Talking to your children about the financial facts of life may be the second most awkward conversation you have with them—some would say the most—but it becomes more necessary as they approach adulthood and independence. Toronto financial counsellor and blogger Jessica Moorhouse spends her days communicating with young people about money and has the following tips on teaching children about money:
Teaching Children About Money in Four Easy Steps
Bring it up early and often
From a young age make your children aware of the financial trade-offs and choices you make every day, whether it’s which college to attend or the model of cellphone. Even better than talking is modelling the behaviours that got you where you are. “One thing you can do as a parent is lead by example,” Moorhouse says. Discuss as a family how much a vacation is going to cost and how you will be paying for it. When you encounter a setback, such as an unexpected expense, a layoff or a health issue, make the ramifications dinner-table conversation. Some parents assume they have to protect their kids from financial worries, but the best way to impart your hard-earned experience is to let them see it in action.
Make it relevant to them
Trying to explain why they should start saving for retirement is going to sound like white noise to someone in their twenties. “They just can’t comprehend what life is going to be like at 65-plus,” Moorhouse says. Instead, ask about their goals in the next five or 10 years and work backwards from there. Listen deeply and reserve judgment. This is about the kind of life they want to live and how they can swing it financially.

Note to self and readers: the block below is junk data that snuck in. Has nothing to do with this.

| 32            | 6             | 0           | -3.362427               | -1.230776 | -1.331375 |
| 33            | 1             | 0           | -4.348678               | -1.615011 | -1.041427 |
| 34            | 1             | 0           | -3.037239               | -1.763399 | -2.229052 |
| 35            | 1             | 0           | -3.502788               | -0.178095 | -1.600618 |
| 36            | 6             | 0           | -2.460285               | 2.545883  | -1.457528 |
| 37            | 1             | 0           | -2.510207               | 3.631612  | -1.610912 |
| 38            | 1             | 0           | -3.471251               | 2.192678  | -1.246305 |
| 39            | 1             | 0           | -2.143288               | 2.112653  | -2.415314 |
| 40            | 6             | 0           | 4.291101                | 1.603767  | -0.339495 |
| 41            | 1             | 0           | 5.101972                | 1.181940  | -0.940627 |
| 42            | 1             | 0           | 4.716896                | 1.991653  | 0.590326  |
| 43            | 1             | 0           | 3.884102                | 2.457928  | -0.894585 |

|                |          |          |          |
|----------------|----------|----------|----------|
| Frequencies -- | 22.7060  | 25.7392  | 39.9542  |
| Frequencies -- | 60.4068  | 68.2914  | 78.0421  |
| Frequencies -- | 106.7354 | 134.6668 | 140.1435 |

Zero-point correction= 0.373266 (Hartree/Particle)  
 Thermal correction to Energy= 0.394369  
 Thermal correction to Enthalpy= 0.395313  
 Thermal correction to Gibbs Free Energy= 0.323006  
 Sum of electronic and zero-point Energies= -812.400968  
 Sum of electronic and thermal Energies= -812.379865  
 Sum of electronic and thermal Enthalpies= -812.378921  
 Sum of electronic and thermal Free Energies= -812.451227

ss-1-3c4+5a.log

Suggest outside sources of information and advice
You may mean well handing your college-graduate daughter a copy of The Wealthy Barber but it’s a book written by a middle-aged white guy. Blogs and podcasts will better speak your kids’ language, especially if they’re by people they can relate to. There are free e-courses for specific issues and Facebook groups they can join to get unfiltered reviews. The next level is hiring an advisor, and here your guidance can help; navigating the different compensation structures and professional certifications is “terrifying,” Moorhouse says. Most advisors offer one free, half-hour consultation so clients can get a sense of whether they’ll click.
Trust them and build confidence
The 2008 crash and recession made Moorhouse (who’s in her early 30s) and many Millennials like her overly cautious about investing ever since. “We’re so hyper-focused on not making a mistake,” she says, that it drives some to retreat to the basement to play video games instead. Women especially lack financial confidence, yet “they know a lot more than they think they know.” They are going to be better with money if you build up rather than tear down their confidence.
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